Back in the hotel room after something like ten or eleven hours of trooping around Tokyo, we put together plans for tomorrow. In order to have any reasonable amount of time to explore the oddball little electric railway out at Choshi and not have to spend an inordinate amount of time on a commuter train getting there, we need to be on a 9:40 AM train out of Tokyo, plus allow enough time at Tokyo station to find a couple of JPY600 (large) lockers for our luggage. Looks like we'll be wringing lots more value from the rail passes tomorrow as we go from Tokyo to Chioshi to Tokyo to Narita, probably not getting to our hotel in which we're spending our last night in Japan until after 2130 or thereabouts.
kevin_standlee: (Manga Kevin)
Having been warned that Tokyo Tower is probably not worth the time, cost, and aggravation, we're considering other things of a more obscure nature to do today, such as riding the Arakawa Streetcar Line, Tokyo's sole remaining tram line. So I guess the danger of giant monsters attacking Tokyo or mystic storms zapping the tower and turning us into magical girls is significantly reduced.
kevin_standlee: (Formula 1)
[Photos referenced here are in my Flikr albums and have had no work done to them."]

This was our first full day in Tokyo, but in fact we haven't really made any plans to speak of, so we sort of decided to go see what we could do in the way of interesting transit and trains in the area. We rode the loop line up to Yurakucho to find the Tourism office shown on our map, but before we could go there, Lisa got distracted by an electronics store and ended up buying more camera memory. I slowed things down by noticing after she had bought it that purchases of more than JPY10000 could be made duty free, so we spent time fussing around with the paperwork to get that fixed before going to the Tourism office, which was mostly a bust other than to find a few English-language maps.

After that, we went to Shimbashi Station, examined the steam locomotive on display in the square to the east of the station, and walked over to Old Shimbashi Station, a reproduction on the spot of the original station by that name. Those of you who were at Worldcon who had JR passes with you may have noticed that there was a JR station down beyond the Landmark Tower. Japan's first rail line ran between that station and Shimbashi, some 29 km. The Shimbashi area has been turned into a bunch of office buildings on the site of the former rail yard, but they've preserved some of the old station excavated during construction, and re-located the line's Milepost 0 to its historical location, which is where we took the photos.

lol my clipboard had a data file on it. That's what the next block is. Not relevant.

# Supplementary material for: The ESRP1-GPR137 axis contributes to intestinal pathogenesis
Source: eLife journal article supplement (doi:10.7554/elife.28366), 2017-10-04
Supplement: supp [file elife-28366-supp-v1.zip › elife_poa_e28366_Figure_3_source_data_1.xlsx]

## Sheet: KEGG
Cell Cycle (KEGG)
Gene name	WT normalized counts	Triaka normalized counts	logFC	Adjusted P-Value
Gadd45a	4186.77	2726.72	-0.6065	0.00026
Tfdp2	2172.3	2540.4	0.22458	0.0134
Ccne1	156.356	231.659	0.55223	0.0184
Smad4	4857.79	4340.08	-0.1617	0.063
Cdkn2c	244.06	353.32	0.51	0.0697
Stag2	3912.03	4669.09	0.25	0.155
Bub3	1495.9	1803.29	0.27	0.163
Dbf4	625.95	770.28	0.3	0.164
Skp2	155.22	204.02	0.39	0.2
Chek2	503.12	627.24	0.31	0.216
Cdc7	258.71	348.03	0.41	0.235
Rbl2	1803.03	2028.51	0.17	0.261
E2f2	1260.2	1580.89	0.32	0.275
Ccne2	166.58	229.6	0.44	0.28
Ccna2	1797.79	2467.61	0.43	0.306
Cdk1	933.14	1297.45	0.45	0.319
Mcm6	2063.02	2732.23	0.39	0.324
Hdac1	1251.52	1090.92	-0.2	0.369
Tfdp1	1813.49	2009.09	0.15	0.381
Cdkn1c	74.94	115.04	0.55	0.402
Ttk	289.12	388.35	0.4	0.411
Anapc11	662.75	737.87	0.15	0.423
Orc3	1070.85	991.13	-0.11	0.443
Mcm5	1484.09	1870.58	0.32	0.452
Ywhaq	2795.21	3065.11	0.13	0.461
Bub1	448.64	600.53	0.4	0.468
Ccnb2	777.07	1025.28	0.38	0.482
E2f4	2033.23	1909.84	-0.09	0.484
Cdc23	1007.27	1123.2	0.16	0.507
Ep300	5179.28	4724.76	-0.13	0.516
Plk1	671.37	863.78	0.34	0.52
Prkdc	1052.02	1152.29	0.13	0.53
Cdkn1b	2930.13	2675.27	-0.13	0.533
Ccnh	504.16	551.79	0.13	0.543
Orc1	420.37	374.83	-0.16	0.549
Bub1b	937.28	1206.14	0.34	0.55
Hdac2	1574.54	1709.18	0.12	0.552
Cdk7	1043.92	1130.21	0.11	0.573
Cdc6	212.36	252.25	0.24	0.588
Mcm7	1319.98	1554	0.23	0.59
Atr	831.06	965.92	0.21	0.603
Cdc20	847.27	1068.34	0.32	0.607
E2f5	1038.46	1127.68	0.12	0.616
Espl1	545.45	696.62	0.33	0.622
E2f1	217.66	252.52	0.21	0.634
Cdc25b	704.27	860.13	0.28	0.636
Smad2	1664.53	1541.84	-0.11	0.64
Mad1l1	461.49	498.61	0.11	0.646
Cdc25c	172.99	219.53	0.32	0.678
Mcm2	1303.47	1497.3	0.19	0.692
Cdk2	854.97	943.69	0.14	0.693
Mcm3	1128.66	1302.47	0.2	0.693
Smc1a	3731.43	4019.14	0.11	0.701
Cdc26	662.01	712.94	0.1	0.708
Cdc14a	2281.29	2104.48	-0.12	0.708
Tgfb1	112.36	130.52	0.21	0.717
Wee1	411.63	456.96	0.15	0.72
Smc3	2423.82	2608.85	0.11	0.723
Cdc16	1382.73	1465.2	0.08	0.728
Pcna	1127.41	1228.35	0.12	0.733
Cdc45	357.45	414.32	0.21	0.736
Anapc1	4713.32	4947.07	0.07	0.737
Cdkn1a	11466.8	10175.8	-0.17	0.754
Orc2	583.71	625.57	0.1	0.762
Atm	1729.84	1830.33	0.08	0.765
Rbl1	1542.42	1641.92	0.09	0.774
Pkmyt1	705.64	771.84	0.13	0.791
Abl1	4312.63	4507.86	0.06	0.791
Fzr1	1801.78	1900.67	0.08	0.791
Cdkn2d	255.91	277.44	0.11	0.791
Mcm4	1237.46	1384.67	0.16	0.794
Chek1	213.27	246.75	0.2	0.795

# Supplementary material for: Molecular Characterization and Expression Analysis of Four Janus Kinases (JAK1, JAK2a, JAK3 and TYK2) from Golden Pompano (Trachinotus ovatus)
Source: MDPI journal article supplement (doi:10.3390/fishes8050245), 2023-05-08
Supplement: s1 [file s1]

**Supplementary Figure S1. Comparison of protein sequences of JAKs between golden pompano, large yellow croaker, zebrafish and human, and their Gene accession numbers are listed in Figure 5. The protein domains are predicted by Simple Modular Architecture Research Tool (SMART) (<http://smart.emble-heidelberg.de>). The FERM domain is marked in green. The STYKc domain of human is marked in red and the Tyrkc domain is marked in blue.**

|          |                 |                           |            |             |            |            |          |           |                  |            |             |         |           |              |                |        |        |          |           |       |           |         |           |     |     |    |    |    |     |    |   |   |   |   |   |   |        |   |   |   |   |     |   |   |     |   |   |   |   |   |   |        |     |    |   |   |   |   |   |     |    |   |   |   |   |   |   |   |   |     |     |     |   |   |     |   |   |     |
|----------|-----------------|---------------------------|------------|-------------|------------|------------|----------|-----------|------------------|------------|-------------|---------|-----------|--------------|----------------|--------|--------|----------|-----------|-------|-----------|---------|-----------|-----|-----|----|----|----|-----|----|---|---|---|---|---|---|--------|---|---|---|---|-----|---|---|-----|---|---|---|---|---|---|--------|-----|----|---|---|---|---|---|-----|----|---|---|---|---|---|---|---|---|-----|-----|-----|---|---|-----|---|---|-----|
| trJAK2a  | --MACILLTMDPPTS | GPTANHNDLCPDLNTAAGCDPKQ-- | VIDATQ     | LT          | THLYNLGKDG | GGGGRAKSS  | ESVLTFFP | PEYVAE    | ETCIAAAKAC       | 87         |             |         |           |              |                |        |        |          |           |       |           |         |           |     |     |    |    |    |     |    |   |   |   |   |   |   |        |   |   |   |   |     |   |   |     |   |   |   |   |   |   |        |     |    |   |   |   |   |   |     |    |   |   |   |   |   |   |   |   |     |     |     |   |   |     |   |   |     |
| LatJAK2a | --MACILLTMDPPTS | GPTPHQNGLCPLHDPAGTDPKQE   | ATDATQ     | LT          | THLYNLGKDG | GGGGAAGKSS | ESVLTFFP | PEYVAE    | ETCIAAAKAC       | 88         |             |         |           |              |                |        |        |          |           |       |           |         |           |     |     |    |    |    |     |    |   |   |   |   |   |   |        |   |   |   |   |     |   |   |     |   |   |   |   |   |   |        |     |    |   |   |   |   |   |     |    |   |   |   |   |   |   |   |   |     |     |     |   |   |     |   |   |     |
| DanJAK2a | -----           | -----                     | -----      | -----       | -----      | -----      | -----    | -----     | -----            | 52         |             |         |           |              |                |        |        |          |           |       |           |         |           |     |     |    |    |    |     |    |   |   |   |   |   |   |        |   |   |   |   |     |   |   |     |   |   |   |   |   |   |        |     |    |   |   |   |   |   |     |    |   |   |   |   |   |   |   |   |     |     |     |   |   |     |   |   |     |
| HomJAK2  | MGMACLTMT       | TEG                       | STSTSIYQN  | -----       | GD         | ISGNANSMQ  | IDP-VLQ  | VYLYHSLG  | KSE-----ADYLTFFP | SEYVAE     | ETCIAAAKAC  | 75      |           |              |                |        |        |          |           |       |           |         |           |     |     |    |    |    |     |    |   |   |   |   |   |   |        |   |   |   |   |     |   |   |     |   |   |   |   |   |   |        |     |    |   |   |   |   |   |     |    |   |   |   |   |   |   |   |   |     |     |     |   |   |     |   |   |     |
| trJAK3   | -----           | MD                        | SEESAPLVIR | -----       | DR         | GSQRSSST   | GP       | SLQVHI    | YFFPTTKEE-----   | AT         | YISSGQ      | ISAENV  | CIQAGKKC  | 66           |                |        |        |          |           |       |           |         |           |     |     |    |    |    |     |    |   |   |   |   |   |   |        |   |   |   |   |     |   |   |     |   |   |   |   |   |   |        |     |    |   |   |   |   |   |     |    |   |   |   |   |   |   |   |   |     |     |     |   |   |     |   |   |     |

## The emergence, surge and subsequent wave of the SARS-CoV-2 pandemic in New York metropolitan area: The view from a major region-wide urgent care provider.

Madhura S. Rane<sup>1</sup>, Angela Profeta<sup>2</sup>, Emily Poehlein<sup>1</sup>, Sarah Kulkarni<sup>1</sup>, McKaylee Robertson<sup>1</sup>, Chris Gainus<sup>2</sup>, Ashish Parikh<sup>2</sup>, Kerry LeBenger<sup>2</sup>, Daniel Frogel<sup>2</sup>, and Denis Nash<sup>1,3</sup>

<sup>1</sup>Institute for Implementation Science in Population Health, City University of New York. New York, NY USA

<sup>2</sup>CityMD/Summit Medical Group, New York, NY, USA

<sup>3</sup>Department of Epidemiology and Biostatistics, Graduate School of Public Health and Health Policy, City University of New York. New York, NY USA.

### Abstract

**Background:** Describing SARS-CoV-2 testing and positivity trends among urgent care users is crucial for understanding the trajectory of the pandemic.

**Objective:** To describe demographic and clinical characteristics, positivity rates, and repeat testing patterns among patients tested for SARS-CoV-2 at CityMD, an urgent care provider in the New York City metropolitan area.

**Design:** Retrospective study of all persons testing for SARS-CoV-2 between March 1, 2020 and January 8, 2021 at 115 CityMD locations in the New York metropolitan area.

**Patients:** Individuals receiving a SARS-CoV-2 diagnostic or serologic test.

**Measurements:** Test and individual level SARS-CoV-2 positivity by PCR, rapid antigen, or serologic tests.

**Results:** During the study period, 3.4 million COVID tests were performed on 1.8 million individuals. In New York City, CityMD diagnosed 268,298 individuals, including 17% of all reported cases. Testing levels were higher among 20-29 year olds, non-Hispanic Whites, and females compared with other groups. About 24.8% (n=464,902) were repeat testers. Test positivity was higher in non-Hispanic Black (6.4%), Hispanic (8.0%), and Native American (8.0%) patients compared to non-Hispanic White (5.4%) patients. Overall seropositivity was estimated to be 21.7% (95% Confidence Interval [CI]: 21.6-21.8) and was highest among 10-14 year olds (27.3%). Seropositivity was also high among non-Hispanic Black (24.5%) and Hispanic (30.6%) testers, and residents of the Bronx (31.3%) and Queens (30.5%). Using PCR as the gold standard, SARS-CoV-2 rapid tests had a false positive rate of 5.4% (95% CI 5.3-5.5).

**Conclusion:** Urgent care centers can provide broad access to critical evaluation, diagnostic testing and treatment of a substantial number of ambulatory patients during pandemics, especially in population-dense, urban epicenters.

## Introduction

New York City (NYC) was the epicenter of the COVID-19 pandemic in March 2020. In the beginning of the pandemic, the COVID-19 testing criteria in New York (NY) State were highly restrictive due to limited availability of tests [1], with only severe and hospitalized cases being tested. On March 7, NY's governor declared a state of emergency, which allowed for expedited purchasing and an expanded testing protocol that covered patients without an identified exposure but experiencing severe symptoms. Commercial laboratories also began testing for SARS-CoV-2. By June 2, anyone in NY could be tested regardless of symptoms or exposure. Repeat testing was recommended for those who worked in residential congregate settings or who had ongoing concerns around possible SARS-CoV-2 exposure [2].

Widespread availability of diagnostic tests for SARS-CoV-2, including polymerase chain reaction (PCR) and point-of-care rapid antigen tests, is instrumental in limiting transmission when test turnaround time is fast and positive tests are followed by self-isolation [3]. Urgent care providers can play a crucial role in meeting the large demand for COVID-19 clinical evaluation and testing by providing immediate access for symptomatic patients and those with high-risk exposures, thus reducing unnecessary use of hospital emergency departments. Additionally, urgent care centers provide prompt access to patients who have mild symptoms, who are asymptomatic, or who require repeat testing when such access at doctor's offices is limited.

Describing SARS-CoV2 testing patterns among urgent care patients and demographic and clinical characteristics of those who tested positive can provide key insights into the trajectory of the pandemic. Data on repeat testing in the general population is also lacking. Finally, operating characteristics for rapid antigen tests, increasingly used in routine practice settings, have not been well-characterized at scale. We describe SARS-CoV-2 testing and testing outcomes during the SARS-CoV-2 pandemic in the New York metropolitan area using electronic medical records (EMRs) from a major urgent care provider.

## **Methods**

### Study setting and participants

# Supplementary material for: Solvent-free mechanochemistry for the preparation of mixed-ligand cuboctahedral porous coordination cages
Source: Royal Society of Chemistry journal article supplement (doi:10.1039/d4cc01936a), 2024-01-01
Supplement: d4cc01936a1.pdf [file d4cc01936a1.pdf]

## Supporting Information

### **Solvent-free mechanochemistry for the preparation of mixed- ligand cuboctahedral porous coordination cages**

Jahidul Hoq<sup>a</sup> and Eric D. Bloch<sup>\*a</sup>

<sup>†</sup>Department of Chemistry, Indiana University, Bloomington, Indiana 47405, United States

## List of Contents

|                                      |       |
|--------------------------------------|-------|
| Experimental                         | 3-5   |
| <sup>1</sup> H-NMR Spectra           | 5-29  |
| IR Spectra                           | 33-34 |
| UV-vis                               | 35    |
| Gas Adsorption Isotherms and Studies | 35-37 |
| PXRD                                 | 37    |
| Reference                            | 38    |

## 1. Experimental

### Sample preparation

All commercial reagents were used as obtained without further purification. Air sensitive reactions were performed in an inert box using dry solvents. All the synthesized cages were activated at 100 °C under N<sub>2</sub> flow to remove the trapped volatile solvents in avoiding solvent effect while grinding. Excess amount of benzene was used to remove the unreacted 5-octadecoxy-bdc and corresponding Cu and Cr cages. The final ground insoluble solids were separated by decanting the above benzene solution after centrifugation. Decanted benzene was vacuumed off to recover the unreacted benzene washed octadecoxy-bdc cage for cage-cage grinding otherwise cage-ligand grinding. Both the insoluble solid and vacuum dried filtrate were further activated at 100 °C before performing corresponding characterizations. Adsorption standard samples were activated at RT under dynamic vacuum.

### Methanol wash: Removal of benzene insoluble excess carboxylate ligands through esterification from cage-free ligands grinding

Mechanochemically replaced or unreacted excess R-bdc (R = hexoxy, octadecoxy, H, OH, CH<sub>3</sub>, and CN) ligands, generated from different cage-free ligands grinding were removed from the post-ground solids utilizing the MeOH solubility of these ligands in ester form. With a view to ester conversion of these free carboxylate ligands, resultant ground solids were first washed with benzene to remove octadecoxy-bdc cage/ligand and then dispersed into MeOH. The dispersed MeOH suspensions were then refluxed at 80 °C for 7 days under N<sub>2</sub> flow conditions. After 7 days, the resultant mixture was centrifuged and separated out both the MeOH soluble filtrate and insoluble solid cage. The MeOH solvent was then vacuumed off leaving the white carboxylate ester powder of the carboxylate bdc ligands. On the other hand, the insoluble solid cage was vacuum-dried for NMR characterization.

Turning from the old to the new, we rode the Yurikamome Line over to Odaiba and somewhat randomly got out to look at things. We ended up riding the big (115 m) Ferris wheel, but the most interesting thing may have been Toyota's Formula 1 exhibit. The driving simulator was for a touring car racer, so we skipped that, and unfortunately the exhibit where you can attempt to squeeze yourself into the seat of an F1 car for a photo opportunity was closed, but they had a lot of the parts of a current F1 race car on display with exhibits about how they work, including the vastly expensive steering wheel and the absurdly powerful-for-its-size engine.

After a late lunch at one of the many places in the Odaiba area, we rode the Yurikamome line back across to Takeshiba, where we walked to Hamamatsuchō, where we boarded the Tokyo Monorail out toward Haneda Airport. Not wanting to pay full fare twice for what was just an out-and-back excursion, and not wanting to risk falling into the clutches of Airport Security, we got out just before the Airport, went around to the other platform, took some pictures on Lisa's camera, and then rode back in, getting off at Tennōzu Isle station, which was around a kilometer or so from Shinegawa. This meant we only had to pay the minimum fare, as we entered and exited only one station apart.

Back at Shinegawa, we bought stuff for dinner in the room tonight and breakfast tomorrow morning, because we were too tired and footsore from all the walking to go out for dinner again.

It takes us a long time to get anything done here because, everything being new, we're gawking around like the tourists from the backwoods that we are. And we're already pretty tired, so I shouldn't expect to get much done. But I keep hearing voices telling me how much I'm missing. You could take a year trying to explore just Tokyo and not run out of things to do. We've got three days, so we're concentrating on the more oddball rail and transit-related things to do. Above-ground transit and monorails have an advantage in that you can see out while you're traveling.

Saturday's plans aren't particularly firm, but probably include going to the Tokyo Tower and visiting the famous Ginza shopping district for Lisa's benefit. I reckon I need to keep a running total to make sure we don't run over our $1600 duty-free allowance.